Therefore, “declare” might have been used as a synonym for “explain”, meaning that the Kulturhuset explained everyone, including the Soviet embassy in Sweden, that it was not taking over responsibility for sales, should they happen. In other words, artists could sell their works directly and collect the money on the spot without paying Swedish taxes. Of course, this applied only to those artists who travelled to Sweden: Timur Novikov, Sergei Bugaev, Oleg Kotelnikov and Evgeny Yufit. And since they left before the end the exhibition, they had to make arrangements so that the art collectors could actually collect the works once the exhibition closed.
Bringing in the works without a list also means that no one actually knew – or knows – what exactly came to Sweden with the artists and musicians. Exhibitions views only show us what was displayed, but there were other works, too. In the case of E-E Kozlov participation, this can be seen in the correspondence with Sissi Nilsson and in Fredrik Vogel’s consignment document. Apart from those seven works displayed at the Kulturhuset, there were at least four other works that travelled to Sweden: “Star. 6 Figures”, “USA-CCCP”, “CHINA-CCCP” and “Swimmers”.
“Star. 6 Figures” and “USA-CCCP” were among those seven of Kozlov's paintings entrusted to Fredrik Vogel after the Stockholm exhibition; in the consignment document, they are entitled "Rödvit Mansfigur" (Red And White Male Figure) and "Dragspelare" (Accordionists).
Concerning the other two, Sergei Bugaev (Afrika) acted on his own behalf, as Sissi Nilsson wrote:
While “CCCP-CHINA” was returned to the artist, the whereabouts of “Swimmer” are unknown. The same goes for two of Kozlov’s exhibited works, “Хочу Е Я (и ЯЯ)” / I want her (and I I) and “Улыбающийся Серп / Smiling Sickle”. In his letter to me, dated 15 October 1992, Fredrik Vogel wrote that “Smiling Sickle” was sold to Jeanette Bonnier. Some years ago, I tried to verify this information with Bonniers Konsthall, the museum founded by Jeanette Bonnier in Stockholm, but it wasn’t confirmed.
The other painting, “I want her (and I I)” was shown a second time in Stockholm in December 1988, during an exhibition of Russian artists at Pierre Munkeborg Antik & Inredningar, Stockholm. In Sara Åkerrén archive is a letter signed by Sergei Bugaev on 2 September 1988 consigning “I and I” (as well as works by Bugaev himself, Yufit, Savchenkov and Kotelnikov) to the organisers of the exhibition – which explains why the painting was crossed out in the Fredrik Vogel’s consignment document. What happened after the exhibition I cannot say.
On the other hand, two works that should have travelled to Sweden weren’t in the exhibition: “Timur on Horseback”, printed on the catalogue cover, and its counterpart “Portrait of Guryanov”, created in the same technique, a picture of which is among Olof Thiel’s catalogue reproductions. The painting “Portrait of Guryanov” reappeared in 2010 in the exhibition catalogue “Brushstroke” (Russian Museum, Saint Petersburg) as a work in the collection of Sergei Bugaev. This means that instead of taking it to Sweden, Bugaev kept it to himself. And when I asked Bugaev about “Timur on Horseback” in 2019, he simply said, “This one was sold long ago”.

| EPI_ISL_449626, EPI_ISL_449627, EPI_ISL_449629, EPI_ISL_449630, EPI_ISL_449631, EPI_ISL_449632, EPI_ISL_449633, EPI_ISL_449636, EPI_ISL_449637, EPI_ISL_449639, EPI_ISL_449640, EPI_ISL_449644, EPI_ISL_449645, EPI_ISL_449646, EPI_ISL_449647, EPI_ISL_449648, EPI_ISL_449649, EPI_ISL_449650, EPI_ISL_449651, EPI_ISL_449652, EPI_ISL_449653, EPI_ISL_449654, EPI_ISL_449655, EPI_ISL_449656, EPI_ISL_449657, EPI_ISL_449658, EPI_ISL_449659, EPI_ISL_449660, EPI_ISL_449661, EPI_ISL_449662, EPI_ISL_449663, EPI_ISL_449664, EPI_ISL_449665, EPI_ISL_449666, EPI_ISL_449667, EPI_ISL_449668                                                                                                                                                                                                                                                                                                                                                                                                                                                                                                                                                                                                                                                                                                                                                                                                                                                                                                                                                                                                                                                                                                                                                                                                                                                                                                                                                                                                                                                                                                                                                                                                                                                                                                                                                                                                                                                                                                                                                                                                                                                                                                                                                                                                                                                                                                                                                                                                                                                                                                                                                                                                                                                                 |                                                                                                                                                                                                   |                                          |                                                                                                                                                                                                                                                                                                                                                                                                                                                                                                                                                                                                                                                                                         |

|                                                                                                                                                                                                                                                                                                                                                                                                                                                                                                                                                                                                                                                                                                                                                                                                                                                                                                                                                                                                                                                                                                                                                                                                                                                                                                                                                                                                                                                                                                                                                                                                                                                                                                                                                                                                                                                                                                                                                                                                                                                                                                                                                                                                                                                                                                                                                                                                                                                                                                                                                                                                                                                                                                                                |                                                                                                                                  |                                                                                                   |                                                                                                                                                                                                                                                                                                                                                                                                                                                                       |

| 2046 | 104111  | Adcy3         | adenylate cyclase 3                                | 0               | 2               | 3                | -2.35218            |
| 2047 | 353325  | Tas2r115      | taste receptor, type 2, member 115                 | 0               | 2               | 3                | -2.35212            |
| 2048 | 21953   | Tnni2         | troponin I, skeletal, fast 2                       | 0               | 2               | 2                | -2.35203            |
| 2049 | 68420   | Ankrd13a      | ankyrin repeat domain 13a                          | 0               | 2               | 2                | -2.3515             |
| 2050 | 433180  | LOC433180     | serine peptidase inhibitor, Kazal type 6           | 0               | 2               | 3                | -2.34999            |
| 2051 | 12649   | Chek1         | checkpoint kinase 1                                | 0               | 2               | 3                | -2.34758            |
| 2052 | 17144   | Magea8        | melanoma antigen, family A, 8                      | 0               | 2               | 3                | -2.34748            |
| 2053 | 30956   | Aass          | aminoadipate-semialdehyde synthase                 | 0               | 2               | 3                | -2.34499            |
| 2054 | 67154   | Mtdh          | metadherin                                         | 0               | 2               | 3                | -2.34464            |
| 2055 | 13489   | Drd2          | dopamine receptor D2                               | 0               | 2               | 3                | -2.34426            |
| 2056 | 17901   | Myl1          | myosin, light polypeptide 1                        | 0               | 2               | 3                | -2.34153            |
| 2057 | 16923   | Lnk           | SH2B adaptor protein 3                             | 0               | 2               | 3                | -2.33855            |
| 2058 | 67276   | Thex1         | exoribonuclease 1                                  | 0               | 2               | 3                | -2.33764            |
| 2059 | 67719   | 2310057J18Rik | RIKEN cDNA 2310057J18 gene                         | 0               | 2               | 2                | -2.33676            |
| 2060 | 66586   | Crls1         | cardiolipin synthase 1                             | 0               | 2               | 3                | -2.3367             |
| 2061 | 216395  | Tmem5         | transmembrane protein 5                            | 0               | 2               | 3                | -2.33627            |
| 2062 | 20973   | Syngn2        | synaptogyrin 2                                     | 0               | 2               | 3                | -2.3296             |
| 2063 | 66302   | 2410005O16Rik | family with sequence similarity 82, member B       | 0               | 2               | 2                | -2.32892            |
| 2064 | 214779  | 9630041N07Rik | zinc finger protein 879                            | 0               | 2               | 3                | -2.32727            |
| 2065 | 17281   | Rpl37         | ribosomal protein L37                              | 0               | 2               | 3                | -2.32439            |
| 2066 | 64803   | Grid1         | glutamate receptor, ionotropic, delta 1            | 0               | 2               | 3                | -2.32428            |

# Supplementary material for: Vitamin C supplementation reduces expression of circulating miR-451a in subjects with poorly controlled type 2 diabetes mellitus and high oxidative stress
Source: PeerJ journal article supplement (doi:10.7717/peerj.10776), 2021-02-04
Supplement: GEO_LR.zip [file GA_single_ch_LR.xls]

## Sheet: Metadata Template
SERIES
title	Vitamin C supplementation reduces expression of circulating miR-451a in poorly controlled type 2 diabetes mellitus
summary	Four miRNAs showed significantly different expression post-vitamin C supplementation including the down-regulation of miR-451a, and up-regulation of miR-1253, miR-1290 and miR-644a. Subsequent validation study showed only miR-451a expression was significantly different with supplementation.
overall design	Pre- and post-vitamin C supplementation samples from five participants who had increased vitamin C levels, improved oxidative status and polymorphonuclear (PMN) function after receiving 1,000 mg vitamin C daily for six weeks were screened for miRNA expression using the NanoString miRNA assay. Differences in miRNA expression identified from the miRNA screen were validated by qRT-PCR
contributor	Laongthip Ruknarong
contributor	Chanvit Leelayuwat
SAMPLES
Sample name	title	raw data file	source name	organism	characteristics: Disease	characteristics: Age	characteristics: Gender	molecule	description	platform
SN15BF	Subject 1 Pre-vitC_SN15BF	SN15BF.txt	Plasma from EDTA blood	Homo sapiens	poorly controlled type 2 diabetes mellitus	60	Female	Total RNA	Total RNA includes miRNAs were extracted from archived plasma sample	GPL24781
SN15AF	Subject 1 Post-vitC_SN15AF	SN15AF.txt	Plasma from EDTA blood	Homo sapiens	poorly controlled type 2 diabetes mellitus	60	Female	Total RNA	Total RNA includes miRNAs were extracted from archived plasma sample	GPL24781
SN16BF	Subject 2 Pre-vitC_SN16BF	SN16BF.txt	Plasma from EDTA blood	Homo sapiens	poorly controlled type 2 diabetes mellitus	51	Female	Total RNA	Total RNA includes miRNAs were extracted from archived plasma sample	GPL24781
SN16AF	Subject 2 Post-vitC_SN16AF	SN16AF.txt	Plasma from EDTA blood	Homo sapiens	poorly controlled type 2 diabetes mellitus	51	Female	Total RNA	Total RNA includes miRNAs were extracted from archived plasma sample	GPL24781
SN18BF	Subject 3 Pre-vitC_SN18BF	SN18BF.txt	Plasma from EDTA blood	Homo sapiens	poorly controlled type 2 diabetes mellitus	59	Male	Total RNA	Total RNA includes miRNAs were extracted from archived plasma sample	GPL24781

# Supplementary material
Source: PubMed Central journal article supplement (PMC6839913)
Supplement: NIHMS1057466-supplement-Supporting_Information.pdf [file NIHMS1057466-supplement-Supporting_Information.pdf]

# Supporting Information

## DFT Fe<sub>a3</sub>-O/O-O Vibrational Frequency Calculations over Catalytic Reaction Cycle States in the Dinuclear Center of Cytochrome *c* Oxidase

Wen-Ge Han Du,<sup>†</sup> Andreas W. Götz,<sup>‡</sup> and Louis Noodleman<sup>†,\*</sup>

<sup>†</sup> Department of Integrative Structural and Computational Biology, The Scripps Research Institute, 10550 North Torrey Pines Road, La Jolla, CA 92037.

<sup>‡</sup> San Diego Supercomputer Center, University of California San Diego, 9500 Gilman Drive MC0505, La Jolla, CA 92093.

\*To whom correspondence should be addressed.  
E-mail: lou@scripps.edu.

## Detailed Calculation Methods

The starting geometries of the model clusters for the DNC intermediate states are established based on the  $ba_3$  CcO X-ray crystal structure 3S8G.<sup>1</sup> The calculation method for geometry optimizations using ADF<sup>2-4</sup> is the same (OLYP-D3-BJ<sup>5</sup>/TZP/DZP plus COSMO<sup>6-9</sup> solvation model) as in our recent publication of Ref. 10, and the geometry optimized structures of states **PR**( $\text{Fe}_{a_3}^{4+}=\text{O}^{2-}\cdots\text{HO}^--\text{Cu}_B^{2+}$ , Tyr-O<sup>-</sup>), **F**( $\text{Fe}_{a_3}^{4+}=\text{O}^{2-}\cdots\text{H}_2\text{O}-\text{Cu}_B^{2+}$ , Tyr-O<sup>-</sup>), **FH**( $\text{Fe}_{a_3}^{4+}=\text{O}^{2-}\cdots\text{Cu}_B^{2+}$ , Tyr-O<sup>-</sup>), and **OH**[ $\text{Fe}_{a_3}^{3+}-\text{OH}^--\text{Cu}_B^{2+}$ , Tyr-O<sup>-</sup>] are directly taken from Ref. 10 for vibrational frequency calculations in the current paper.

Although the Kulturhuset guests’ elegant “backdrop” coup doubtlessly saved the exhibition, it also meant that for the Swedish organisational team, the situation somehow got out of hand: for better or worse, they lost control of the selection of paintings – and to some degree, of the paintings themselves. Judging by Sissi Nilsson’s letter and by the document in Sara Åkerrén’s archive, this competence was partly transferred to Sergei Bugaev: he was regarded as an authorised agent with respect to trading the works of others. However, “trading” didn’t mean sharing the proceeds with the artists, at least not in the case of Evgenij Kozlov.
Yet not everyone accepted how Bugaev handled the situation – or Novikov, for that matter. Fredrik Vogel, in his letter from 15 October 1992, states ”I hope you are aware of the fact that both Sergei Bugajev and Timur Novikov behaved in an extremely rude manner both to me and other organizers of exhibitions I know, and I do not want anything to do with those two again. I say this because in many ways I fell that they overshadowed the other members of the group in a bad way.”
Ultimately, whether Bugaev and Novikov promoted the New Artists in the West or, quite the contrary, prevented their promotion, leaves room for speculation.
Hannelore Fobo, 23 February 2022.
 Bugaev displayed Kozlov’s “Portrait of Guryanov” in 2013 at The Russian Academy of Fine Arts Museum, Saint-Petersburg during “ASSA. The Last Generation of the Leningrad Avant-garde”, an exhibition with works from what he considers to be his collection. The exhibition created a scandal when four artists whose works were included in the exhibition (Oleg Zaika, Evgenij Kozlov, Oleg Maslov, and Inal Savchenkov) filed suit against Sergei Bugaev to get their works back. more>>
In an attempt to reject the claims, Bugaev argued that the works in question were not at all created by these very artists. When the plaintiff successfully proved their authorship, he changed his strategy. Regarding Kozlov’s “Portrait of Guryanov”, Bugaev and his supporters used a bizarre argument to underpin their claim that Bugaev was its legal owner: allegedly, Kozlov had intntionally left his painting at Timur Novikov’s place unfinished so that other artists could complete it.